It's an immutable fact that the stock market is volatile -- and individual stocks even more so. Stocks can quickly fall in value over short periods of time, sometimes by double-digit percentages. Should you sell when this happens or buy more? In this segment from "The 5" on Motley Fool Live that aired Sept. 30, Fool.com contributors Brian Withers and Nicholas Rossolillo discuss how to approach this situation, and why it's important to keep adding new money and stocks in your portfolio. 

Brian Withers: "Can you please share your thoughts and Skillz (NYSE:SKLZ). I'm down more than 60 percent, but after Motley Fool recommended seven percent of my portfolio." We talked a little bit about this yesterday. If the Fools makes a recommendation and let say they come out and say, "We're selling this stock," they still have confidence in the business and they still view it as a recommendation. I'm very curious at the math here and we can't give personal advice. But if you're down 60 percent on the disposition, that is now seven percent of your portfolio, was it like 15 percent of your portfolio before when you bought it? I'm a little worried that a company has become that big of your portfolio that quickly. JD, I'm hoping that you're putting aside money every day for every paycheck to add into the market and if you're doing that, one way to reduce your exposure to skills is by other stocks that you're confident in. Maybe that seven percent over time as your portfolio gets bigger, it becomes a smaller portion and maybe the volatility doesn't bother as much. Nick, did you have something you want to add there?

Nicholas Rossolillo: Yeah. Ditto to both of your comments on both of those companies. I think I would add, sometimes is difficult to detach ourselves from the business itself and what it's doing from the stock price. Sometimes there can be really long stretches of time where the two are completely uncorrelated. I'd heard a number of those this year that have done that. They just went up too fast last year during the initial first year of the pandemic and everybody was online doing everything exclusively online than this year. They're still growing but it's like, "Oh man, they're not doubling year-over-year anymore."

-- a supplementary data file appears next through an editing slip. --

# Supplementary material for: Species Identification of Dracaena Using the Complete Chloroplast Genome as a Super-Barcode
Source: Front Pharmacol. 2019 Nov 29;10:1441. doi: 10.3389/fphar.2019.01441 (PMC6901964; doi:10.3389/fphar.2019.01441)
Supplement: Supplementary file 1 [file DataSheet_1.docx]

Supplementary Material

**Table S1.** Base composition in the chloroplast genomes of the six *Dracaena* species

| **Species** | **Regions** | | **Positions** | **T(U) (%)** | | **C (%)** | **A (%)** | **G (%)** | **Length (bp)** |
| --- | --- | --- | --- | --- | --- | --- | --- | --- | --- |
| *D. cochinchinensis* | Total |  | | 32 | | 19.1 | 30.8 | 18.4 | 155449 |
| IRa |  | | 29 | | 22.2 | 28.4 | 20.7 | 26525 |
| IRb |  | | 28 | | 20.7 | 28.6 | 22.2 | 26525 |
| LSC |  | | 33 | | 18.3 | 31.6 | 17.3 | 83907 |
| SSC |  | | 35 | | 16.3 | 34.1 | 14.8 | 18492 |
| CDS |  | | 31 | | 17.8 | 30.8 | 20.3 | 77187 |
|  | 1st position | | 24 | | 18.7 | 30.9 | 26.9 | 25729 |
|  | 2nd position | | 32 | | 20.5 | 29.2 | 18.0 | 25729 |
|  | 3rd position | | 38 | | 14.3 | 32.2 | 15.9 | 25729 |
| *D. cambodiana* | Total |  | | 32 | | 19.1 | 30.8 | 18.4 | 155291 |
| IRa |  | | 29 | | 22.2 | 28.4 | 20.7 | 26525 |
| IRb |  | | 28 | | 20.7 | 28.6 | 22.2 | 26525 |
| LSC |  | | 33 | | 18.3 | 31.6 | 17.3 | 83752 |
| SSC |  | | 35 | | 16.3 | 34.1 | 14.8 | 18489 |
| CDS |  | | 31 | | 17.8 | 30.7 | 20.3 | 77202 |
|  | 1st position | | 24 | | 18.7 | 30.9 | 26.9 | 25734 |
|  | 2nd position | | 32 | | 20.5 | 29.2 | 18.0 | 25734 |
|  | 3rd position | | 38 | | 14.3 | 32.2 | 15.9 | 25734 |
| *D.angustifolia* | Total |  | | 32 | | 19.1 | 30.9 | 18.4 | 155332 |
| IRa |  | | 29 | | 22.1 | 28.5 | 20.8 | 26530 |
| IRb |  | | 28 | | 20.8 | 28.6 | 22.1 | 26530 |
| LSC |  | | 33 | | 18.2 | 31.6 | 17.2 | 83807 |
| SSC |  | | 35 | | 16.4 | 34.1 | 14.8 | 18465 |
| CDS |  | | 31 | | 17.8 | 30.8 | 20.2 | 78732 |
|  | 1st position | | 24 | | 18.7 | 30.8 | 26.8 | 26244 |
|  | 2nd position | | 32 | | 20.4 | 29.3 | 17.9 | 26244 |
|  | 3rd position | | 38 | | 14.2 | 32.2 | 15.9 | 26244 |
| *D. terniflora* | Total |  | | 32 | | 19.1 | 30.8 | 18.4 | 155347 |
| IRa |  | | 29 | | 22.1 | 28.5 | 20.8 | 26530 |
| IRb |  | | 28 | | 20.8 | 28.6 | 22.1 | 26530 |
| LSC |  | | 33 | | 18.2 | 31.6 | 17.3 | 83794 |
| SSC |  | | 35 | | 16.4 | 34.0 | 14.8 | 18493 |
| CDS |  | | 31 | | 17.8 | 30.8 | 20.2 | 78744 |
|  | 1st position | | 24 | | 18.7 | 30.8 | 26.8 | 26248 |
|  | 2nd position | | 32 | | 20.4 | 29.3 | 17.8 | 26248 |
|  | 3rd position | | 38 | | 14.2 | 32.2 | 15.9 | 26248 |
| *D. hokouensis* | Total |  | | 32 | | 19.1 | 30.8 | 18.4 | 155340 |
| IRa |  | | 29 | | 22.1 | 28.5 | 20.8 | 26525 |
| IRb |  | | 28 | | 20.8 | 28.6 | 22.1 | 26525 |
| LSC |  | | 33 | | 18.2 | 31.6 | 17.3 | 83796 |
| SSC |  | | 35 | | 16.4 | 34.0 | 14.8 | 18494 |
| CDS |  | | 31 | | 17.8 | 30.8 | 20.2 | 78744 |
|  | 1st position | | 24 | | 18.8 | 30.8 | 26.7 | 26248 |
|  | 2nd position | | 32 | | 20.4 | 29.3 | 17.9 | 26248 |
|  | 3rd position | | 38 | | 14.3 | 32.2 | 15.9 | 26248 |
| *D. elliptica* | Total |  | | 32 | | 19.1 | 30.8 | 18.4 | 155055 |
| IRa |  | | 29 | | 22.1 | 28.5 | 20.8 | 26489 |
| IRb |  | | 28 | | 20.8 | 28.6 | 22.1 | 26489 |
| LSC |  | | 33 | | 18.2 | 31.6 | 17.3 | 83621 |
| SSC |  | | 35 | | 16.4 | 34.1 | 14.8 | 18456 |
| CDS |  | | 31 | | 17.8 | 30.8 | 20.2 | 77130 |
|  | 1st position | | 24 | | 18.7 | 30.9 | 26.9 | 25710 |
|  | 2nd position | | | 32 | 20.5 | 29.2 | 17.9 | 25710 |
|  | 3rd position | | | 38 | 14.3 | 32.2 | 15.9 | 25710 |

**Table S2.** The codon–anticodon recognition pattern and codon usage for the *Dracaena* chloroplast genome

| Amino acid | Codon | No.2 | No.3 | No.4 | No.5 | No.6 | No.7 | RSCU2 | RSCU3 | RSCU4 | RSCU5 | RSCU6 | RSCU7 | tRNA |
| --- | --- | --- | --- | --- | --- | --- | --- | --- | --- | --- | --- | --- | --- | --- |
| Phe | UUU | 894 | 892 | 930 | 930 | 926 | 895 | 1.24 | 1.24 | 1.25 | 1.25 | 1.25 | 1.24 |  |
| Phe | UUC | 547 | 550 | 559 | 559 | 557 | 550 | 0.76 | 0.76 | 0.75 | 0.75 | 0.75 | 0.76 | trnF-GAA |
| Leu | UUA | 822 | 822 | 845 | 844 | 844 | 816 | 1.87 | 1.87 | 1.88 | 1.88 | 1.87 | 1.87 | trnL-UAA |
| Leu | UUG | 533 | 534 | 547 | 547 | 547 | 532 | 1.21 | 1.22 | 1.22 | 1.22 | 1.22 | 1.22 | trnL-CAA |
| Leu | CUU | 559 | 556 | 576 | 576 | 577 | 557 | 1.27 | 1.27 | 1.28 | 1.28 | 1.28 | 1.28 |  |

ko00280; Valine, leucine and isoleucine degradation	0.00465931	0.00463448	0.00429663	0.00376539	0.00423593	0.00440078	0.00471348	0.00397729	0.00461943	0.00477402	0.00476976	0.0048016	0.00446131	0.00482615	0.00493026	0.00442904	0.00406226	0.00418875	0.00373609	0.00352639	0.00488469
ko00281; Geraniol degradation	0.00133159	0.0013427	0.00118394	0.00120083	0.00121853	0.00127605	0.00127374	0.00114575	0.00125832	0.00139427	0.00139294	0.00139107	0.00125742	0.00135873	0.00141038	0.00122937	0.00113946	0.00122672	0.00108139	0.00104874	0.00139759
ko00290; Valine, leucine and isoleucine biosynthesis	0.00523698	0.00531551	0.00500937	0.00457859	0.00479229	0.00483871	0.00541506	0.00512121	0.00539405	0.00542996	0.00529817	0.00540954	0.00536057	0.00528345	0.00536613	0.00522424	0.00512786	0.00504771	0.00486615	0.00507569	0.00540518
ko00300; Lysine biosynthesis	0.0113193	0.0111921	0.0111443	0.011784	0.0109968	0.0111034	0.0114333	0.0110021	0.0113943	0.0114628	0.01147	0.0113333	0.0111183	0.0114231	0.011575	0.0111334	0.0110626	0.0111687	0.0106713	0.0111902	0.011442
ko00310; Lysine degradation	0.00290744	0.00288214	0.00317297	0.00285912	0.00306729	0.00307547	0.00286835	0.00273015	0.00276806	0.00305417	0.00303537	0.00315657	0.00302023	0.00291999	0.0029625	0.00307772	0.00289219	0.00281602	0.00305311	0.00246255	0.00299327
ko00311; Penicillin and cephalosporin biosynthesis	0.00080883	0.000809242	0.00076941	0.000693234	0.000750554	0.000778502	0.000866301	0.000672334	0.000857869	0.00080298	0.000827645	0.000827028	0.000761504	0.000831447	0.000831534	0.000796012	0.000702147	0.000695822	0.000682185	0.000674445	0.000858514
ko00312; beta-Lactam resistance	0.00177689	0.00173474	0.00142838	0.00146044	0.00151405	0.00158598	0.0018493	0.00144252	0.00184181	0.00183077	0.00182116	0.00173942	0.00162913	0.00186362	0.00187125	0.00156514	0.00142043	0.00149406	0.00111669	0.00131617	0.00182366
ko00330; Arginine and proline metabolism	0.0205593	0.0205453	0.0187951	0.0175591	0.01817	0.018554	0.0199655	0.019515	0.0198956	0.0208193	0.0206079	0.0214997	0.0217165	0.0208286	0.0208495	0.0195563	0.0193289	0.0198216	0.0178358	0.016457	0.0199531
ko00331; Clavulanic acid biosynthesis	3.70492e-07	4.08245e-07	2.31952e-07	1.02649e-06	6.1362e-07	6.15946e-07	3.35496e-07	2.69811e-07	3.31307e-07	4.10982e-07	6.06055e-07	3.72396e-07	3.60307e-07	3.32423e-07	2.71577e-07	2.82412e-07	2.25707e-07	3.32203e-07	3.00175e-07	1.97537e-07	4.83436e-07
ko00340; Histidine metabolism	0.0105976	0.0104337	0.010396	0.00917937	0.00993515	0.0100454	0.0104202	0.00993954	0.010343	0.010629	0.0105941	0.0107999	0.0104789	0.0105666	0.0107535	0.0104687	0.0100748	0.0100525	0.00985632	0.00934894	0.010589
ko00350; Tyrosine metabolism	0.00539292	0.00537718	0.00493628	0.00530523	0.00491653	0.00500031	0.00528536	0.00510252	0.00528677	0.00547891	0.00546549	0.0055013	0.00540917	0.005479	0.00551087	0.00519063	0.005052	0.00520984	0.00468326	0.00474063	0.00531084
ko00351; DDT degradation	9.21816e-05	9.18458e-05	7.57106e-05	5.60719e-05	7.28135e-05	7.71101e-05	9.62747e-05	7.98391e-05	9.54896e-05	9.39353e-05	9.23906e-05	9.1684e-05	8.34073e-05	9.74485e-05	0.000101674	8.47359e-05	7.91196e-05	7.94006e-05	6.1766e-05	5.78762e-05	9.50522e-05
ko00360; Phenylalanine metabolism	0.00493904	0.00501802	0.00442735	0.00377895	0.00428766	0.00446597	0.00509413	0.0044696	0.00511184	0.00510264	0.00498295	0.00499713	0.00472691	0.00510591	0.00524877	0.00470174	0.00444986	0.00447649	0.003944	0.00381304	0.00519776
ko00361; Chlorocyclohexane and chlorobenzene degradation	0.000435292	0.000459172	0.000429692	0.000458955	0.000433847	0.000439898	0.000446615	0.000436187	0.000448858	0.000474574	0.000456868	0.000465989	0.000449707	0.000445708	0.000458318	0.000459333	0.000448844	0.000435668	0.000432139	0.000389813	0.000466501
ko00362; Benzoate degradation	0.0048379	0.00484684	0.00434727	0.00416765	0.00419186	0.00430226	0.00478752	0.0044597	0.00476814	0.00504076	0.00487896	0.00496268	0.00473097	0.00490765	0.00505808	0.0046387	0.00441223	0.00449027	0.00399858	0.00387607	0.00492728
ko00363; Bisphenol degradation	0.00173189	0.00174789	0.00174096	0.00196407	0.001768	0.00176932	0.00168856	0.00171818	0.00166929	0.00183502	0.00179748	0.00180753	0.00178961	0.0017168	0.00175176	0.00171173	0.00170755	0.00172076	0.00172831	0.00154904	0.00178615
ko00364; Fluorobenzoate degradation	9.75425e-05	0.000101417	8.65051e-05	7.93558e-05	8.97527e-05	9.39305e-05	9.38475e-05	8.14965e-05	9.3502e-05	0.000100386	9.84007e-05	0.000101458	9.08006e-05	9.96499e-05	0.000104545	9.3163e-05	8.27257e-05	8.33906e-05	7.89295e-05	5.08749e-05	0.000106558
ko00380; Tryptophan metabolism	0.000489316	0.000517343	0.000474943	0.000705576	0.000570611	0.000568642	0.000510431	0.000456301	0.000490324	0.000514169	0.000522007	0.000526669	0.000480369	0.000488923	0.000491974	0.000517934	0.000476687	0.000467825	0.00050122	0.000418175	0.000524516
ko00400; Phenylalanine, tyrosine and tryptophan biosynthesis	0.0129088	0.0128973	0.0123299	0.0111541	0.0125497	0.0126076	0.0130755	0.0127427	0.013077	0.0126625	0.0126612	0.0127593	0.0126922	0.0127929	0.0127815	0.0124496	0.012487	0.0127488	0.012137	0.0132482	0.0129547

Detach yourself from stock price, just look at the business. If nothing has really fundamentally change if you still like the business itself, the same reason you did when you initially bought it, that doesn't necessarily mean you should add to it. Brian, where you said just keep adding to your portfolio and by other stocks to diversify, it's really important. But you don't necessarily need to panic-sell either because the stock price has under-performed over, let's say a year, is still a short period of time in the grand scheme of things. Don't let stock price performance over a year or less dictate your decisions.

Withers: Yeah. Also, make a pitch. Nick, you mentioned what's your original thesis is, and sometimes these things are actually good to write down. Whether it's put in a Google Doc or keep a little notebook. You would be surprised. It's good to go back and revisit what it is that attracted you to the business on the first place. Then it's very easy then to compare; are they still doing those things? If you don't write them down, it's always, I can't remember what I had for lunch yesterday. After you've owned the stock for a year, do you really know the reasons why you bought it? Unless you capture them somehow.

This article represents the opinion of the writer, who may disagree with the “official” recommendation position of a Motley Fool premium advisory service. We’re motley! Questioning an investing thesis -- even one of our own -- helps us all think critically about investing and make decisions that help us become smarter, happier, and richer.